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You May Be Liable for a Dead Relative's Debt

By Stephanie Rabiner, Esq. on February 28, 2012 | Last updated on March 21, 2019

Aunt Millie died and she left all this debt -- a mortgage, credit card bills and a loan or two. Unfortunately, she also left very little money in the bank and had few assets to speak of.

As her closest relative, you're now waiting for the debt collectors to call. What do you do? Are you legally responsible for a dead relative's debt?

Probably not.

When Aunt Millie dies -- with or without a will -- her estate is responsible for paying her debts. The executor first pays her creditors and then distributes any remaining assets to her heirs. But if Aunt Millie dies without sufficient funds to pay her debts, it's generally not your problem. They go unpaid.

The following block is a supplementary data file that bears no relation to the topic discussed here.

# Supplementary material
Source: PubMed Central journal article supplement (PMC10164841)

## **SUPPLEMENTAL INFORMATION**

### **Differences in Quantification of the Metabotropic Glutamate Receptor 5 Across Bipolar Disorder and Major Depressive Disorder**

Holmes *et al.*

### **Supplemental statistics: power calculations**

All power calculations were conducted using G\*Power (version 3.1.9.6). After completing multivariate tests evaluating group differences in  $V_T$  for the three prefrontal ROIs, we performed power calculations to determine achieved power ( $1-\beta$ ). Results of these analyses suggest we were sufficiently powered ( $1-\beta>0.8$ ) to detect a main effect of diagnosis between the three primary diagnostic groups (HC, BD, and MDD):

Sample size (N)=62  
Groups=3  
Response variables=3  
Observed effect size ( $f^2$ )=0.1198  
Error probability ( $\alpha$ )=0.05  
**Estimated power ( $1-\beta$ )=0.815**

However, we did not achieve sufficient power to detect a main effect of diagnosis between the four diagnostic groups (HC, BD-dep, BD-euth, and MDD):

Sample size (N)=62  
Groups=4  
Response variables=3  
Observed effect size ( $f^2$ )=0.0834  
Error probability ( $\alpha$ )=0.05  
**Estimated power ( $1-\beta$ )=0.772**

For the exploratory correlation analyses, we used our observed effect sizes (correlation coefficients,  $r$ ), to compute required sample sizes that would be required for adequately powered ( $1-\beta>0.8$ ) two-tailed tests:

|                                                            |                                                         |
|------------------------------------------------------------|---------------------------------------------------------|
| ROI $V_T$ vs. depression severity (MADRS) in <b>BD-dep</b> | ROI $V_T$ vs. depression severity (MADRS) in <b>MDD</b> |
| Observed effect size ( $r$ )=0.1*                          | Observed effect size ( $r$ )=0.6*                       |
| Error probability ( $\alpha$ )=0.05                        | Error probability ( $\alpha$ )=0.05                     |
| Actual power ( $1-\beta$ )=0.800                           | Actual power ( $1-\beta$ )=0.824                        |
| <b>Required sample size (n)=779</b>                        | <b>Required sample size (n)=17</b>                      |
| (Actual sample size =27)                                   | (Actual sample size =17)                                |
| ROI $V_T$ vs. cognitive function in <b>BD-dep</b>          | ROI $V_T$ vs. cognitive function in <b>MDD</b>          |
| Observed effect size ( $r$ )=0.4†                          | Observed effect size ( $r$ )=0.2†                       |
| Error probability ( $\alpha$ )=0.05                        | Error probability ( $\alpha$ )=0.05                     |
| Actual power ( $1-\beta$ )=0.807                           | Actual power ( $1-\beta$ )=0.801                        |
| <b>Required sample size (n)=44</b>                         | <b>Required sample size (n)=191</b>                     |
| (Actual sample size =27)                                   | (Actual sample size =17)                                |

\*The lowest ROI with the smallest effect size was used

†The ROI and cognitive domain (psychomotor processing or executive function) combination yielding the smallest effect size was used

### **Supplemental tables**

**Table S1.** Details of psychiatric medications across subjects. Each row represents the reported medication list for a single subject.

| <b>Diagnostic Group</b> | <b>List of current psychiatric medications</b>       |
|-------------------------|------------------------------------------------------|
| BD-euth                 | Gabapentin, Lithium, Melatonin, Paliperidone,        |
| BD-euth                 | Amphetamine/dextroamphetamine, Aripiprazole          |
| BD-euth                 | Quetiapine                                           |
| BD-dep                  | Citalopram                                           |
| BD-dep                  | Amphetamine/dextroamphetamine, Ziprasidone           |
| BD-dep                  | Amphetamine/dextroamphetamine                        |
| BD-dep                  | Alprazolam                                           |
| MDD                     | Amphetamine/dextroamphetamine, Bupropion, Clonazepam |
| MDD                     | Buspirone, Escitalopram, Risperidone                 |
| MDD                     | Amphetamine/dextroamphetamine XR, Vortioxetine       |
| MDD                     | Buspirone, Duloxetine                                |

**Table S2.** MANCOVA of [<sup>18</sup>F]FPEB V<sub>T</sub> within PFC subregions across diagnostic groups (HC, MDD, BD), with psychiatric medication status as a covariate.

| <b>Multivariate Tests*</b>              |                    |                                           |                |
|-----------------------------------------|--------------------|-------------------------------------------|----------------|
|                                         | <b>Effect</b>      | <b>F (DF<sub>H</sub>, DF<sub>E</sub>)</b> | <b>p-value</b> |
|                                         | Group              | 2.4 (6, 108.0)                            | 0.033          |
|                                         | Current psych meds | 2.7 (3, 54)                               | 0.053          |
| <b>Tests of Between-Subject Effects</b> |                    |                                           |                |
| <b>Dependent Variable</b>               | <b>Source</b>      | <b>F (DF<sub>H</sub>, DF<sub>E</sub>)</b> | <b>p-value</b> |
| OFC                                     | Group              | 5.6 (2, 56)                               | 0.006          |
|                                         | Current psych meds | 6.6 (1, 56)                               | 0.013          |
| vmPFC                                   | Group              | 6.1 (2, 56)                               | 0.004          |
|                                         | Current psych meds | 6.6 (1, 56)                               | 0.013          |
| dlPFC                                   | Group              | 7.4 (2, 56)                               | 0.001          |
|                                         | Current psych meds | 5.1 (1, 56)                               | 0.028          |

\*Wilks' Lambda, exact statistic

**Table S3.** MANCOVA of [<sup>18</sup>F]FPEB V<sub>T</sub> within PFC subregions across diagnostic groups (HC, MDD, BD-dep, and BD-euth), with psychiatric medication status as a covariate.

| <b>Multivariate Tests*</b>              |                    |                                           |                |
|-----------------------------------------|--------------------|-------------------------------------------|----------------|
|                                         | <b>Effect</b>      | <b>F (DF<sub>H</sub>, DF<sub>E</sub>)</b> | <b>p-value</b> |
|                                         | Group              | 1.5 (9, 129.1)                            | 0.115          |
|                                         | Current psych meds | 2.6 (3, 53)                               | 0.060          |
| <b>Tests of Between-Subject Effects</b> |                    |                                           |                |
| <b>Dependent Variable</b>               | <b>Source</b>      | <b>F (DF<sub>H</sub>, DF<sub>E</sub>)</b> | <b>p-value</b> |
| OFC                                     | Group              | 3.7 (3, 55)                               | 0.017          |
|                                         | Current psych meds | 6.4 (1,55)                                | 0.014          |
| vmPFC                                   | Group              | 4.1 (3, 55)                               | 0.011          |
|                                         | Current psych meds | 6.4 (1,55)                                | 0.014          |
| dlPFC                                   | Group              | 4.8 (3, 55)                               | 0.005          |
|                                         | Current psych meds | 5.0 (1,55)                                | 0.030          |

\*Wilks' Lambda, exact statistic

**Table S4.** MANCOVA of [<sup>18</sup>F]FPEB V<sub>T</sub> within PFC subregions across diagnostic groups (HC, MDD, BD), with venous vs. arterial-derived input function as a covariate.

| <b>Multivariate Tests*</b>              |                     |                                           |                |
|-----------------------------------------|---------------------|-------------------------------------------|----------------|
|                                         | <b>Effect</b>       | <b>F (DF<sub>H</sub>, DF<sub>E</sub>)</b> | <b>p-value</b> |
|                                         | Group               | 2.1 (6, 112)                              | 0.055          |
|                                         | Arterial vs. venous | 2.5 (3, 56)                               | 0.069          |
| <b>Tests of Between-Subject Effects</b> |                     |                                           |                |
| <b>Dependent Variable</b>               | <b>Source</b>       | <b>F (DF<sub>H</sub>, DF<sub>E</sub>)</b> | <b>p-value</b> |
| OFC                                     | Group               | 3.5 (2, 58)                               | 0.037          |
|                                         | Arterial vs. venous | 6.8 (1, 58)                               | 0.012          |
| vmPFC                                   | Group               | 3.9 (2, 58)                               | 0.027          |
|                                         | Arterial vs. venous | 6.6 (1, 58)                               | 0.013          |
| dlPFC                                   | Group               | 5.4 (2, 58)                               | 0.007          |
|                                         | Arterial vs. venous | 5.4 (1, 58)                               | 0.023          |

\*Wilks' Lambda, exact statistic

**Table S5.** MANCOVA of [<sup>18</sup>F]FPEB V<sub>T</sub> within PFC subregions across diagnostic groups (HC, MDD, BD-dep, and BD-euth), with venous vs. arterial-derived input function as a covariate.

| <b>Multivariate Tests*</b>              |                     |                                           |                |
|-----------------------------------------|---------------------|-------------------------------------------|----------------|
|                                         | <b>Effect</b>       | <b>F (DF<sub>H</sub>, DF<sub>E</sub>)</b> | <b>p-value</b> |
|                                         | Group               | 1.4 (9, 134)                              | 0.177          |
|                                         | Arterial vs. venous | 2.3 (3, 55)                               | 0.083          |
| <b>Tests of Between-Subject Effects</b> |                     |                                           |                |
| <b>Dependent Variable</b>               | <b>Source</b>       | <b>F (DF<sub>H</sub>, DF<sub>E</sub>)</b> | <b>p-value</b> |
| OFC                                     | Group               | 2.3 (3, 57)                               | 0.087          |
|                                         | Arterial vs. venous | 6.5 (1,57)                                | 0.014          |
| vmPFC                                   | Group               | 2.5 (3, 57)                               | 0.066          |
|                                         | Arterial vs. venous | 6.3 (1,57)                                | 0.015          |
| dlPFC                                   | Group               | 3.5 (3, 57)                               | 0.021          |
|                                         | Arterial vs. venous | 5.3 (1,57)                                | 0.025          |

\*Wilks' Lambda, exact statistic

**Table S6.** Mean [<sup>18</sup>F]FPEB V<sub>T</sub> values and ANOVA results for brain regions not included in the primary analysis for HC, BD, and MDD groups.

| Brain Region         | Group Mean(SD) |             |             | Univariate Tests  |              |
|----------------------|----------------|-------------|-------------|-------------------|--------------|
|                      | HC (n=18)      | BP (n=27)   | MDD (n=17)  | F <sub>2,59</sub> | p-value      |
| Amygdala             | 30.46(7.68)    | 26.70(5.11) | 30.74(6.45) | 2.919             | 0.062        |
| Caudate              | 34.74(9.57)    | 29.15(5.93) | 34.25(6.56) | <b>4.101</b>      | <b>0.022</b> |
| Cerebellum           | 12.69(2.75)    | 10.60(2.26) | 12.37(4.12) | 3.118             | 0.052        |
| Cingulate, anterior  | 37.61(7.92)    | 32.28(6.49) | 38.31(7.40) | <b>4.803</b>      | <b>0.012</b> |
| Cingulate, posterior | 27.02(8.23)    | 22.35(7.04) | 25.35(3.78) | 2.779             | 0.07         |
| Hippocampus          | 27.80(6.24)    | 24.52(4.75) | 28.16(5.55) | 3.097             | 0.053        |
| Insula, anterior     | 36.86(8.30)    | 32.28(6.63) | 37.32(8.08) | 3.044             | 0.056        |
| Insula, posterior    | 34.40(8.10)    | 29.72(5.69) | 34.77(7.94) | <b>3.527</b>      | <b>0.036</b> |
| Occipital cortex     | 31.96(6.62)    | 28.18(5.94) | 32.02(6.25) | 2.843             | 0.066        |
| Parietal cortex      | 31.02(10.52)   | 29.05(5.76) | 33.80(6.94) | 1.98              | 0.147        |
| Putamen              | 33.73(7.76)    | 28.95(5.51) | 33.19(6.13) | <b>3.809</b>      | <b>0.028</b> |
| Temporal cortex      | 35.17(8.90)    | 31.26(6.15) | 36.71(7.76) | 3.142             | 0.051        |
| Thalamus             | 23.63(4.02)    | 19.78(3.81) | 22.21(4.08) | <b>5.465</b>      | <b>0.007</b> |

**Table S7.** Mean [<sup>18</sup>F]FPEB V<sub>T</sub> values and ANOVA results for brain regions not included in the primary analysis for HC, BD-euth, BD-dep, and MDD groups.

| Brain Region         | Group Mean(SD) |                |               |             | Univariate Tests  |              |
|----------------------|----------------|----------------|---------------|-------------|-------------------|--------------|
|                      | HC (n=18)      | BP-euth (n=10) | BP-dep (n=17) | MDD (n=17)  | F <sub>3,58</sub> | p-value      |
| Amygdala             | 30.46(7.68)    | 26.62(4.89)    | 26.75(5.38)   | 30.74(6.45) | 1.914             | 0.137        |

There are few exceptions to this rule.

If the deceased relative is your spouse, you may be obligated to pay the debt under state probate law. Spouses are often presumed to have assumed responsibility for a debt incurred after the start of marriage.

If you co-signed your dead relative's debt, it's also likely you'll be responsible for repayment. As a co-signer on a mortgage or auto loan, you and Aunt Millie agreed to be jointly and severally liable for the stated amount.

If you're lucky enough to inherit Aunt Millie's property, beware that you may have also inherited a debt. If you inherit her house, you'll likely be responsible for any remaining mortgage payments. If you fail to pay, the bank can foreclose.

These unique situations are why it's often wise for an estate's executor or legal representative to work with an attorney to resolve debt. Some creditors need to be paid, and others can be safely ignored. Don't pay a dead relative's debt if you don't have to.

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